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August 16, 2017

Following Charlottesville, Toomey says there's 'no room for corrupt ideology or violent acts'

U.S. Sen. Pat Toomey, R-Pa., is the latest politician to weigh in on the events that took place during white supremacy rallies in Charlottesville, Virginia, over the weekend that left dozens injured and three dead.

"There is no moral equivalency between neo-Nazis, bigots, and white supremacists, and those who oppose them," Toomey said in a statement on Twitter following Tuesday's press conference from President Donald Trump that blamed both protesters and counterprotesters. "Our country has no room for corrupt ideology or violent acts."

In a more strongly worded statement, U.S. Sen. Bob Casey, D-Pa., said on Twitter shortly after Trump's comments that white nationalists "fueled this attack and they must be held accountable."

A "Unite the Right" rally organized initially to show opposition to the removal of a statue of Confederate leader Robert E. Lee drew many from across the country. A 32-year-old woman, Heather Heyer, who was protesting against the rally, died after a car drove into a group of activists.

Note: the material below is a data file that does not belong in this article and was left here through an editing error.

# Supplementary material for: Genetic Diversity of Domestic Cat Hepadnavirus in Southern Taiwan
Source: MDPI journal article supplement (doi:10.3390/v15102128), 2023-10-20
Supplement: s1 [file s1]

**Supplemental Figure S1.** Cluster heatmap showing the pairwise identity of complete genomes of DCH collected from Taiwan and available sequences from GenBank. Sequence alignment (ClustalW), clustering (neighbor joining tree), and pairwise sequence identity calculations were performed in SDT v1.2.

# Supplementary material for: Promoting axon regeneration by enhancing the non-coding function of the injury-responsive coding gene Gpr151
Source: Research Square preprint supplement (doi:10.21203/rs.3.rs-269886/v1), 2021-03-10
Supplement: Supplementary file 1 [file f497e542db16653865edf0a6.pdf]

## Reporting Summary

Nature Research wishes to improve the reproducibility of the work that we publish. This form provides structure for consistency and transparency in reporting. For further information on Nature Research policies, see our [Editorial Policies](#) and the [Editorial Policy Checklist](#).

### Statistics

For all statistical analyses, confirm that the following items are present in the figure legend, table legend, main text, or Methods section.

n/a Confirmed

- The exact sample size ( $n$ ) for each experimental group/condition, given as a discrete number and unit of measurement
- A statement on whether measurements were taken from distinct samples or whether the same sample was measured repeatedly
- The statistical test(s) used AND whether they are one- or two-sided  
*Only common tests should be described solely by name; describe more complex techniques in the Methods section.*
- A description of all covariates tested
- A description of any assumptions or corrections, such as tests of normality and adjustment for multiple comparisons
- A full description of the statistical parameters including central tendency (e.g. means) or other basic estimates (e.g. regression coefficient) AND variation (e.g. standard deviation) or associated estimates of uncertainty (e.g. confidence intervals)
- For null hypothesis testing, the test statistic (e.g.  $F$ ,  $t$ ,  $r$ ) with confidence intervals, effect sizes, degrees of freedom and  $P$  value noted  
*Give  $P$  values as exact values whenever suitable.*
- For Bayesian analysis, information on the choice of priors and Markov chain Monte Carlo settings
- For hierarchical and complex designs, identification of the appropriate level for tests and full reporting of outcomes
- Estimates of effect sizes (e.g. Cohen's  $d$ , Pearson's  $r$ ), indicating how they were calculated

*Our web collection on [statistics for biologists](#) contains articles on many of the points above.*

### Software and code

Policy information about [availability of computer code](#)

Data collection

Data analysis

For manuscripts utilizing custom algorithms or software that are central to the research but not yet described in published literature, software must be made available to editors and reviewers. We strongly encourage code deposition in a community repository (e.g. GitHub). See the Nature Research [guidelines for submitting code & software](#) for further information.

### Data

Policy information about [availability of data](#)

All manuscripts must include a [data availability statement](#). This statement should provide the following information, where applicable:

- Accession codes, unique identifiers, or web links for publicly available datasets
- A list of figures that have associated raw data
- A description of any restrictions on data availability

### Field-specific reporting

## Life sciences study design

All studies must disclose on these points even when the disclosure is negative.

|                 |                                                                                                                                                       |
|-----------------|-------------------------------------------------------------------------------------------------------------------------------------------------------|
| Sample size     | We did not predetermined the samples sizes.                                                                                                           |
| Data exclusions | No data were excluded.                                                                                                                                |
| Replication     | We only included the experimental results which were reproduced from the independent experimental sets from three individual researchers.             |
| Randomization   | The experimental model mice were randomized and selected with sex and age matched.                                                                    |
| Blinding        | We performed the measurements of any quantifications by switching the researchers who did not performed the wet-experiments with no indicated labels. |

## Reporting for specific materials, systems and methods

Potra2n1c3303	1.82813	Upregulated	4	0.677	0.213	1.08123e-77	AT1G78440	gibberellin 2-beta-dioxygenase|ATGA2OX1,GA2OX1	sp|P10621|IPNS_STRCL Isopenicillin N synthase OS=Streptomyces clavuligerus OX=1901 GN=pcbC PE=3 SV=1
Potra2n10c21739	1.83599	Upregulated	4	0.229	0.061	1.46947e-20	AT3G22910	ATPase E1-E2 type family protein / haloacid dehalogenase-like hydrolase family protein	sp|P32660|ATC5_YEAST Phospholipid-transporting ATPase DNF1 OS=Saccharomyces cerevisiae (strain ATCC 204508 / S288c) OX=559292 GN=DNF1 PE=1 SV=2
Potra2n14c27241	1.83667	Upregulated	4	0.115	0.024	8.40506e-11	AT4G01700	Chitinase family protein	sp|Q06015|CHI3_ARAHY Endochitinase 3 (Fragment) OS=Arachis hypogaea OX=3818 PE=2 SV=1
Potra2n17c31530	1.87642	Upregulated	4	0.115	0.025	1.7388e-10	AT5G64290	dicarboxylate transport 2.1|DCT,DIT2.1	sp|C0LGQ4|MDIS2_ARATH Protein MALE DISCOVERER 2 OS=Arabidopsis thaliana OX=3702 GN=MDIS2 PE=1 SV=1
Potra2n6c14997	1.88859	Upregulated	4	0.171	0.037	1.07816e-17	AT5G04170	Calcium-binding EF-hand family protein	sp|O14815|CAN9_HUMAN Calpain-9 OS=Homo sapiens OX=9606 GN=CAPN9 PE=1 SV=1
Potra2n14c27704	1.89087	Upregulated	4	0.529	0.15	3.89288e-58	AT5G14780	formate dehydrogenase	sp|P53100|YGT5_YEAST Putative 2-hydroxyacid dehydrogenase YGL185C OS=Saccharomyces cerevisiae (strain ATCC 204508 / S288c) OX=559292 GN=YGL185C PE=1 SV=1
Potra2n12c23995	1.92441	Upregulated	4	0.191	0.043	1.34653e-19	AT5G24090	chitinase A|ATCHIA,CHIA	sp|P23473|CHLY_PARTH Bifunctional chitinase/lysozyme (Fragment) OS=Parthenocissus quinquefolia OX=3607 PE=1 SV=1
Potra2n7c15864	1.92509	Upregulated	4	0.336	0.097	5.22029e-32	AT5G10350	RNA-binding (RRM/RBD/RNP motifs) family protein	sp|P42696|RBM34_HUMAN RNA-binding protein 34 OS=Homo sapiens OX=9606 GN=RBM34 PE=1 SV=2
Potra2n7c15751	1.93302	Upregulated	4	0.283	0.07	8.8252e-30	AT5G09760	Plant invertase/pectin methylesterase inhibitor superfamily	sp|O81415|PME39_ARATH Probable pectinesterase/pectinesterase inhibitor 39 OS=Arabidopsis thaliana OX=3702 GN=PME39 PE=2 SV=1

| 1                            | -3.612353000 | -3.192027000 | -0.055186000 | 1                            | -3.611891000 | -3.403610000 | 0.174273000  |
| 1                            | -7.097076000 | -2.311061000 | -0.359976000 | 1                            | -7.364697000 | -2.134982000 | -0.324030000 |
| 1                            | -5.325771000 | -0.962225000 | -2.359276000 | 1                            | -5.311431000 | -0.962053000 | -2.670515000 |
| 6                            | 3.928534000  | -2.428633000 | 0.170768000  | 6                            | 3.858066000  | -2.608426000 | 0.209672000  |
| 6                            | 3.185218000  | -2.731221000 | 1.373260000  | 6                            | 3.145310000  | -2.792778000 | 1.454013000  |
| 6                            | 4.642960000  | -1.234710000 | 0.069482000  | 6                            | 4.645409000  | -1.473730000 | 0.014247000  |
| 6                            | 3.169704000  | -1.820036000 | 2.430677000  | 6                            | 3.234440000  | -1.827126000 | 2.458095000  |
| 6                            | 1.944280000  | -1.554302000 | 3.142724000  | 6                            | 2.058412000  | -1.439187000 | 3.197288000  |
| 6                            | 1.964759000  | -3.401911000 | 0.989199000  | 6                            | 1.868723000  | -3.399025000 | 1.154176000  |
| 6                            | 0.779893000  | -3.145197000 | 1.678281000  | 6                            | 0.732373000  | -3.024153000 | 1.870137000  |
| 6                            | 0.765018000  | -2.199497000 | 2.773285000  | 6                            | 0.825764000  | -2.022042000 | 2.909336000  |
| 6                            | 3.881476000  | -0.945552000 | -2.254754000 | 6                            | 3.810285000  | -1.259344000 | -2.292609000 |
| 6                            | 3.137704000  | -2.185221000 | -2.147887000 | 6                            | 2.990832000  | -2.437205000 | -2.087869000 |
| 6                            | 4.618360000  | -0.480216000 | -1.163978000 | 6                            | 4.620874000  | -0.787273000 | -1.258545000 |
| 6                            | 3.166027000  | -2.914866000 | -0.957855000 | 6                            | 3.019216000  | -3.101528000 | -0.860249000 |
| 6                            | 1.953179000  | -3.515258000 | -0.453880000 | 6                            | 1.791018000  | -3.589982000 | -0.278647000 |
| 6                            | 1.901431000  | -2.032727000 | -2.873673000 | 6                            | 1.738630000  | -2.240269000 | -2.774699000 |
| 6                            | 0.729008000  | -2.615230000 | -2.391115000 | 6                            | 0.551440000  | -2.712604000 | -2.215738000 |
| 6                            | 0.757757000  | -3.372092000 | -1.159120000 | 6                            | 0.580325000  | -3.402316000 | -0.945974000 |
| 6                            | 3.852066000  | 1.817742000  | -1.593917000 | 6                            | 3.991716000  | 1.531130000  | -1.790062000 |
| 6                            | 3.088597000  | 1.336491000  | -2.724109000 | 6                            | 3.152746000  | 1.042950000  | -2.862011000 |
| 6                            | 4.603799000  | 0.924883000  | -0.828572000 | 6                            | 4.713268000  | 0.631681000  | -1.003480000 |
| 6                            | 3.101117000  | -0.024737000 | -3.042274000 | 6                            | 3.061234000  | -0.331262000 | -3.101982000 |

Trump first faced criticism for putting blame on both sides during a press conference earlier this week but then called members of the Ku Klux Klan, neo-Nazis and white supremacists "criminals and thugs" after he seemingly faced mounting pressure.

Trump doubled down Tuesday, however.

"What about the alt-left that came charging at, as you say, the alt-right, do they have any semblance of guilt ... What about the fact they came charging with clubs in hands, swinging clubs?" Trump said. "Do they have any problem? I think they do." 

The president said that not all involved in Saturday's "Unite the Right" rally were white supremacists.

"I’ve condemned neo-Nazis," he said. "I’ve condemned many different groups. But not all of those people were neo-Nazis, believe me. Not all of those people were white supremacists by any stretch. Those people were also there because they wanted to protest the taking down of a statue, Robert E. Lee."

U.S. Sen. Cory Booker, D-N.J., and U.S. Sen. Elizabeth Warren, D-Mass., strongly opposed Trump, calling his comments a form of "betrayal" and "sick." Toomey, who faced criticism earlier this year from Philadelphians for never having held an in-person town hall meeting with constituents, joined other Republicans is denouncing hate groups.

Speaker of the House Paul Ryan called white supremacy "repulsive" while former Republican presidential candidate Mitt Romney said the two sides were from "morally different universes."